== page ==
Fourth, the zero-fee based model for the students does not attract the right candidature. It should have been well anticipated that the youth might take such courses for granted since there is no monetary commitment involved. The government must begin to reward the training institutes that offer 100% placement and accordingly fix payment band for best performers.
One of the most critical points is that there is a dire need to create awareness among the youth on why the government is investing in them and who will be the ultimate beneficiary of the whole process. This requires extensive counselling sessions to make them understand the significance of the choosing the right vocational training course, work environment and role of other relevant factors that will impact their lives.
One of the main factors driving automation in the country today is that most developed nations are asking the outsourcing partners to embrace more automation, since it helps them increase scale and competitiveness. Sounds Fair! However, its increasing pace and the probabilities with which automation is likely to hit the Indian industry will not be a pleasant surprise. In such a scenario, it is imperative to diligently move towards future skill set requirements which will serve the purpose of employment in later years.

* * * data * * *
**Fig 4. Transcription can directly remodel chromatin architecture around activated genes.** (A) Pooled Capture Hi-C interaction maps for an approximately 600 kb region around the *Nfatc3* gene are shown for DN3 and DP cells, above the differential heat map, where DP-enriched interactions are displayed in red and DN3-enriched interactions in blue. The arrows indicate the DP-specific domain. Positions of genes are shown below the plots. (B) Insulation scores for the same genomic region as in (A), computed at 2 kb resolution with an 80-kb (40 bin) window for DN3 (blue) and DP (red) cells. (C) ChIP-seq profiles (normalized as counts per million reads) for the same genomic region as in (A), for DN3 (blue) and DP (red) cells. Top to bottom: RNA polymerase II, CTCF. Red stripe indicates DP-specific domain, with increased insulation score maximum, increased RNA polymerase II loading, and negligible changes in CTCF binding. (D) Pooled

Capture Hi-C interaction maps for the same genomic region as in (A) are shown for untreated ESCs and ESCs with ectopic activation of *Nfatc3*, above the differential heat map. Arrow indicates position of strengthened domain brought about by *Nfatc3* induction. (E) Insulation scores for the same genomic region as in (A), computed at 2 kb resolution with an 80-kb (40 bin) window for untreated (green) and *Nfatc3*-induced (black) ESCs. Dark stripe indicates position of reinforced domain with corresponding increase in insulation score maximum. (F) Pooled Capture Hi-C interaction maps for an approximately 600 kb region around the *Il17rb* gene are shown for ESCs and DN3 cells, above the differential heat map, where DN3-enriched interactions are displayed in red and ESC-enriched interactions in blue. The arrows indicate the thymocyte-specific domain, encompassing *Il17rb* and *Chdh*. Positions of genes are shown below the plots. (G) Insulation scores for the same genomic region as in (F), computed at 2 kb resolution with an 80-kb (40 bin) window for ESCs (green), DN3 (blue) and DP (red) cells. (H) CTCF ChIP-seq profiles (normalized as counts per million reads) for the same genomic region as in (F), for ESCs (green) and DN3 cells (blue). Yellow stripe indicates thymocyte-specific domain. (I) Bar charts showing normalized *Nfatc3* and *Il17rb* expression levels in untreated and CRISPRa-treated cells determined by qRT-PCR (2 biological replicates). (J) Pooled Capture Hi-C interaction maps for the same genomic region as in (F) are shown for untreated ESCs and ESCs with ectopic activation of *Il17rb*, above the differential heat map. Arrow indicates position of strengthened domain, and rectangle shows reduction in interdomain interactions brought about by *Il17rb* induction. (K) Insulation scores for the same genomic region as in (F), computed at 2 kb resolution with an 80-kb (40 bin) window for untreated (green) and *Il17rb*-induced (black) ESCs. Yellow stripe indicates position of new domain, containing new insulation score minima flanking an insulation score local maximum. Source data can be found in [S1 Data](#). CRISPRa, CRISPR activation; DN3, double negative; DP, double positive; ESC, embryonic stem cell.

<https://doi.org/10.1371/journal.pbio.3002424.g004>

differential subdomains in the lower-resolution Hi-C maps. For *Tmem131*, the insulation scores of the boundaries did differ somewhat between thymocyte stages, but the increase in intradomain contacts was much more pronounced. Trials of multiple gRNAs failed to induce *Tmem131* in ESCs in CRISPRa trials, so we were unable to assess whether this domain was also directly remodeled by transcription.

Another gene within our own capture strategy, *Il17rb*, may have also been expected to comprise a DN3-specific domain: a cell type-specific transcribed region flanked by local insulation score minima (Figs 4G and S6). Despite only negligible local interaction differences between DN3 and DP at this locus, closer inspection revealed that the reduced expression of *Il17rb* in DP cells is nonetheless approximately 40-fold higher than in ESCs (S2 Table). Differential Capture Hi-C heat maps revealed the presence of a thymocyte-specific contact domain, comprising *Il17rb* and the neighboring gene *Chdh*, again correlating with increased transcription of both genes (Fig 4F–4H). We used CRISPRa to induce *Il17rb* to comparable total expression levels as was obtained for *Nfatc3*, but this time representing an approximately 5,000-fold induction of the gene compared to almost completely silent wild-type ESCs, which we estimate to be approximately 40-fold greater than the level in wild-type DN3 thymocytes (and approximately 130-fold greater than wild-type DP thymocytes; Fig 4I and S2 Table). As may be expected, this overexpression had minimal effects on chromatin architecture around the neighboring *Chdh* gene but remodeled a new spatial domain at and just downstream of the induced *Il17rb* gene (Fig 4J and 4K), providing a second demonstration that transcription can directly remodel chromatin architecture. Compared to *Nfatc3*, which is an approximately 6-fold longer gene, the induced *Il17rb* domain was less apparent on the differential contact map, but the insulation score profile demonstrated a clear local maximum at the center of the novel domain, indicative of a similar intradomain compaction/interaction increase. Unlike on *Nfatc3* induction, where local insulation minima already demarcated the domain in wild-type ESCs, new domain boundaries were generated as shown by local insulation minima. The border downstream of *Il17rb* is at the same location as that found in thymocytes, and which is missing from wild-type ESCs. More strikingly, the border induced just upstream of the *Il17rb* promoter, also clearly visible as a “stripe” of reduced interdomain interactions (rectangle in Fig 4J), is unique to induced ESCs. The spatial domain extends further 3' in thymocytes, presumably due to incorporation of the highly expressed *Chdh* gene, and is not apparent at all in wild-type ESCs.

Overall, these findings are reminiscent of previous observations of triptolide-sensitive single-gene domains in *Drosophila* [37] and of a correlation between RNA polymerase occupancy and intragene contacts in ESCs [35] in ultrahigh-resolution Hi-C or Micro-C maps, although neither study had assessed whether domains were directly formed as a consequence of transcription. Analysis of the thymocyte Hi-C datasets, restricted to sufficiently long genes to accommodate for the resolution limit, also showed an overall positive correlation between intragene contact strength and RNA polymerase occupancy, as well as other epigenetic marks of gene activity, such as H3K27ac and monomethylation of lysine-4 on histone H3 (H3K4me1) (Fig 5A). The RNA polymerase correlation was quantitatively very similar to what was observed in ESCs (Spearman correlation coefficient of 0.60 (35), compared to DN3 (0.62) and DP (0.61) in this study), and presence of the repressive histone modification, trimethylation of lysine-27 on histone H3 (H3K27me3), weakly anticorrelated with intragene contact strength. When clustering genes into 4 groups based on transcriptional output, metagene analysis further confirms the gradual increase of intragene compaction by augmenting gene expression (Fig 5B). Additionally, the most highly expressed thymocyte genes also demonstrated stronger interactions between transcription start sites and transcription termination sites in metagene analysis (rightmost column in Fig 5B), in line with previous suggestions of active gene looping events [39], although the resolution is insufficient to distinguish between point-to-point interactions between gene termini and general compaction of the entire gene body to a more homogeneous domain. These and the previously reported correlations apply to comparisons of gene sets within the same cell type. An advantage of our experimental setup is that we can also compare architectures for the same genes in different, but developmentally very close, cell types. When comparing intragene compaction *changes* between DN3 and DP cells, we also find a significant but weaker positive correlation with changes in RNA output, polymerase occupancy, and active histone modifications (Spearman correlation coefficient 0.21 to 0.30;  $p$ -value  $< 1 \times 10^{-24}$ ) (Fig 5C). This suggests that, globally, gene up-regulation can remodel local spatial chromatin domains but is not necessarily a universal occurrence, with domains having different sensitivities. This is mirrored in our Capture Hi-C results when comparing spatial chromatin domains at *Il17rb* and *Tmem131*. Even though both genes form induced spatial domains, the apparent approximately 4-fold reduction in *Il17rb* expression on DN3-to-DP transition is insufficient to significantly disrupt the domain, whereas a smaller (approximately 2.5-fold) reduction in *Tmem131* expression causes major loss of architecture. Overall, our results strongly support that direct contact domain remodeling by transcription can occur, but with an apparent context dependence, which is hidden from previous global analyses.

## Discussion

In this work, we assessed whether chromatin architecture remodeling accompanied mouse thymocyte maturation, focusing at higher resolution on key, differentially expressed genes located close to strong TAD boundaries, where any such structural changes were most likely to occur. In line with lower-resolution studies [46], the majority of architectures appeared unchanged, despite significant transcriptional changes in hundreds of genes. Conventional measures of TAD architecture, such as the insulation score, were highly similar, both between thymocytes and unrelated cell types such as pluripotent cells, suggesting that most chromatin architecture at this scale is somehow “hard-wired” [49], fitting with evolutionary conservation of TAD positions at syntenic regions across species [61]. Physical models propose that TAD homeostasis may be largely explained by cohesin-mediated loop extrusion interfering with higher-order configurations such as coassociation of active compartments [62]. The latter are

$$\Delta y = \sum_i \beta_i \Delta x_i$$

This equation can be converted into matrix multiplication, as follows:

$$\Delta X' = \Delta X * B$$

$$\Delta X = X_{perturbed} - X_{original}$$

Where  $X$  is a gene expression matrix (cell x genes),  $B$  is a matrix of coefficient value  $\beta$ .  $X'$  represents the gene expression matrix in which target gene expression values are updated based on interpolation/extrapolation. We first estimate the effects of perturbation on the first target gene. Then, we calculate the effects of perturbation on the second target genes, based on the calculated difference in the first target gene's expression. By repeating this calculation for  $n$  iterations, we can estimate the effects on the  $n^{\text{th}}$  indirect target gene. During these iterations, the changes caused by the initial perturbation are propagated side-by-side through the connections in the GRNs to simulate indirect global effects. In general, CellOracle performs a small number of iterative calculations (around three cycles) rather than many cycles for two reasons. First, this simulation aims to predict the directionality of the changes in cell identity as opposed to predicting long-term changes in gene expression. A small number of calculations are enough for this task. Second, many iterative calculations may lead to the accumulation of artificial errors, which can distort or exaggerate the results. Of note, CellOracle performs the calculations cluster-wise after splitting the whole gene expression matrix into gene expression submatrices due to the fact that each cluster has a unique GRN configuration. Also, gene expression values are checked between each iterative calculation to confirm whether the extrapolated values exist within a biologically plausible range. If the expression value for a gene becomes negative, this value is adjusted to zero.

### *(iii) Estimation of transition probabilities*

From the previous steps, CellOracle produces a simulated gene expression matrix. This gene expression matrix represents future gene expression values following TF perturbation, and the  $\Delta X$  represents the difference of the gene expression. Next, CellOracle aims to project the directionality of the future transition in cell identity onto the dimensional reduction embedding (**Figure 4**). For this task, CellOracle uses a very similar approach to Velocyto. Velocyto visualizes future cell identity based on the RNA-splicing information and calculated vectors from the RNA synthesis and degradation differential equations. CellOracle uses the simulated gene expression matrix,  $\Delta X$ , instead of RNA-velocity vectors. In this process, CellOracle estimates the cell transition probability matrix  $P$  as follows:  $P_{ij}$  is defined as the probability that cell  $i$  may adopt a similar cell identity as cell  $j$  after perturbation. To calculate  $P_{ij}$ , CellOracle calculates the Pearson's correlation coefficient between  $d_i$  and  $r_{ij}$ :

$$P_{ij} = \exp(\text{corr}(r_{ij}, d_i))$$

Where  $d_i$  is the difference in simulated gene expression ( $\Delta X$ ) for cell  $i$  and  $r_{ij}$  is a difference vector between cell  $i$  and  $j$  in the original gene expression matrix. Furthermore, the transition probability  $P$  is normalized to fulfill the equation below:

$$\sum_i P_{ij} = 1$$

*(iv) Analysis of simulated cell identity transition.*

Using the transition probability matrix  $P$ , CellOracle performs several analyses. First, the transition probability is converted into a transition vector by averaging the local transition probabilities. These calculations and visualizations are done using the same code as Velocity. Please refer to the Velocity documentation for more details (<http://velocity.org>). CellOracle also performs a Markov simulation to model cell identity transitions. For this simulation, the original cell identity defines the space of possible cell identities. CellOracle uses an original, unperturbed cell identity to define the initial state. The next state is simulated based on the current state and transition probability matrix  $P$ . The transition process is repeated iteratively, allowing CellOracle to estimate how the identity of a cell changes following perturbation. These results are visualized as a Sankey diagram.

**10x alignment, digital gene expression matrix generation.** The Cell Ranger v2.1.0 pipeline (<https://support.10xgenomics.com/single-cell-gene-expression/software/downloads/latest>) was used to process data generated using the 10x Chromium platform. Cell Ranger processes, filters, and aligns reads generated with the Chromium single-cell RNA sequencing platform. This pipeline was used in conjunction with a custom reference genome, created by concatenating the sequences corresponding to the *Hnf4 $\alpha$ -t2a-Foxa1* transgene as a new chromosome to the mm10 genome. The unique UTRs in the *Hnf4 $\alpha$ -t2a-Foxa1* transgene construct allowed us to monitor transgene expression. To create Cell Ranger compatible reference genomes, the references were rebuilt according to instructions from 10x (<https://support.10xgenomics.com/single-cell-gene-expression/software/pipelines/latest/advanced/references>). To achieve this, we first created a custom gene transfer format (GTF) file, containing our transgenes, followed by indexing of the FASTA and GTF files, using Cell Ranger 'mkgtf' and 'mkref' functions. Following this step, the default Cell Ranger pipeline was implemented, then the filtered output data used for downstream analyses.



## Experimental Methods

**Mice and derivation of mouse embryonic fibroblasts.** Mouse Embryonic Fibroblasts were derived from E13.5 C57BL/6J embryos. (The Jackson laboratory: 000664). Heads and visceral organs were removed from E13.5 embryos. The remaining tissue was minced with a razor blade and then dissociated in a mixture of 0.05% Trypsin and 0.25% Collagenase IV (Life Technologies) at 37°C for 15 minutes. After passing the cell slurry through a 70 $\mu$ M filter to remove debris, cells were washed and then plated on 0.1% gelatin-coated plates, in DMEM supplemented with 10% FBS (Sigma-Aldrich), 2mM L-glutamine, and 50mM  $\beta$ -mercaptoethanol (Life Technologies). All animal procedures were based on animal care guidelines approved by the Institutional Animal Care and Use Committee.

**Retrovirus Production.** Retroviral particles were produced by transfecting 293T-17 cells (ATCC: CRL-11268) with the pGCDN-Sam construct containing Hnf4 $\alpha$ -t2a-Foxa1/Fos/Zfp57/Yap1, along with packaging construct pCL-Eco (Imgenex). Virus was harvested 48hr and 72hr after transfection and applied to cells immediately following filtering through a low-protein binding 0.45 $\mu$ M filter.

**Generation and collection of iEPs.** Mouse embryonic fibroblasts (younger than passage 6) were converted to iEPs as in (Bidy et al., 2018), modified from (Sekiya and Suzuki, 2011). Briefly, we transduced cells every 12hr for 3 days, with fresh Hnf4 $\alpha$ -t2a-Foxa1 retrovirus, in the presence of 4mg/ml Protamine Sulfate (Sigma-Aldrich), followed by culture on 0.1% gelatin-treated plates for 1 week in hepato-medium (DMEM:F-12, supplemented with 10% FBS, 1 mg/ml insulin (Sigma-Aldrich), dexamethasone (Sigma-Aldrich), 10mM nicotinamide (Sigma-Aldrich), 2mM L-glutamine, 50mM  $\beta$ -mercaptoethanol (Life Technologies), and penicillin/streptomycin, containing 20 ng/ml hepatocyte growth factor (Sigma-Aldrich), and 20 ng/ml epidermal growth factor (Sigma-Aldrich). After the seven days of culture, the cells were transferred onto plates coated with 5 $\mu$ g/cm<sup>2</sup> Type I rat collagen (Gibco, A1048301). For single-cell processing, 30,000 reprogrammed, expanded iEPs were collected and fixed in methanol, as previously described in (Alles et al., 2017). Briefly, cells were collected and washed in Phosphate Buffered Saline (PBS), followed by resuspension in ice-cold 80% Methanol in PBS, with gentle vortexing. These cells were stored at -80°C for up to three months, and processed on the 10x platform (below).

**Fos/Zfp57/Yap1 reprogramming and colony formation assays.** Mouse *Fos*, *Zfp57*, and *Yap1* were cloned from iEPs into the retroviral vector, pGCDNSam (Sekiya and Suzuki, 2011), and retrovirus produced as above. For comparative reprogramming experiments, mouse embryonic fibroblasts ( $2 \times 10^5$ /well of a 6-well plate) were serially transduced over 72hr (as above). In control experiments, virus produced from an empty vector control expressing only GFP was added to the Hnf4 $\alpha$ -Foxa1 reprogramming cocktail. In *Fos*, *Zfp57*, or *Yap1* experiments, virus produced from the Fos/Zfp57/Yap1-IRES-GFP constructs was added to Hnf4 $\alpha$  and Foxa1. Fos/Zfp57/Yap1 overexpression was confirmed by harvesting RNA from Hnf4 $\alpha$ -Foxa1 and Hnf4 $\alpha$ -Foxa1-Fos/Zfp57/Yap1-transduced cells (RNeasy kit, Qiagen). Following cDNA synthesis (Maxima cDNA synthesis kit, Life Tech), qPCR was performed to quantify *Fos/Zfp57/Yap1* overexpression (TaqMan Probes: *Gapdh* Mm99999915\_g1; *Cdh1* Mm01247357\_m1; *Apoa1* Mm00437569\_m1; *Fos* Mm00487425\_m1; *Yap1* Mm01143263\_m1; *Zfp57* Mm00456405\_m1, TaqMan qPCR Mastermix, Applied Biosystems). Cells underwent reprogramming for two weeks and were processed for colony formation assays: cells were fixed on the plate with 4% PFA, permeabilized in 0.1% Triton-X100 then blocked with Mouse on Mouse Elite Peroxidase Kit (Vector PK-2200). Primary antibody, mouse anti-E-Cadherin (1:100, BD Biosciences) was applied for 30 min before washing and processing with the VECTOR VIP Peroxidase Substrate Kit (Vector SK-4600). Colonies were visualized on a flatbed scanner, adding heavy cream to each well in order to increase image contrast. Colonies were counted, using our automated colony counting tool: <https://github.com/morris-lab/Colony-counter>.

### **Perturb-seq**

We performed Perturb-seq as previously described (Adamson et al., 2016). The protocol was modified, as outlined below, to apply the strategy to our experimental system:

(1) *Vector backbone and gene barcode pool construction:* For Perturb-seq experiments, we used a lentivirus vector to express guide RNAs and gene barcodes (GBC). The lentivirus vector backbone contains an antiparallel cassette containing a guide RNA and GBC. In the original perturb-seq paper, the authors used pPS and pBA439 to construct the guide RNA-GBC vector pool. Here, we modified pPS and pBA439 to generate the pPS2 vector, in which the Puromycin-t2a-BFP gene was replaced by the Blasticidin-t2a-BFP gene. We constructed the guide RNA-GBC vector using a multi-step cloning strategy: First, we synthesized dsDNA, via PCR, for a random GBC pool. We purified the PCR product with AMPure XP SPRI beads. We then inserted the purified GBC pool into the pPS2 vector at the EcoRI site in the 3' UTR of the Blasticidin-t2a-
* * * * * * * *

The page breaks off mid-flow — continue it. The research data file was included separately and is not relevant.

Project Samriddh by Subash Chandra Foundation is an initiative which aims to map the future skill set requirement considering automation and other factors which shall impact the hiring trends in near future. We are looking to partner with corporates/potential employers who wish to share their sets of industry requirement with us and we will develop a network of skill training partners, industry and key government institutions to devise strategies that can help us resolve the issue of surplus unemployed workforce in the market. Project Samriddh will be operational in the states of Chhattisgarh & Jharkhand.
Government's intention behind Skill India mission was appreciable, however, the implementation approach is not. The model must be re-examined and the gaps have to be scrutinized to arrive at a successful model of execution for the youth who is seeking source of income.
The goal of creating a skilled workforce has to be coupled with corresponding employment opportunities for the youth, without which it will not resolve the core challenge of unemployment in the country.
Keeping in view the gamut of challenges in the skill and livelihood ecosystem, Subhash Chandra Foundation is initiating an effort dedicated to bridge the gap between skilled workforce and job opportunities through Project Samriddh. The foundation envisions to build a network of potential employers who can share their current and future manpower requirement, thereby reducing surplus skilled workforce.
The author, Priyanka Dhingra is Lead - Livelihood, Subhash Chandra Foundation.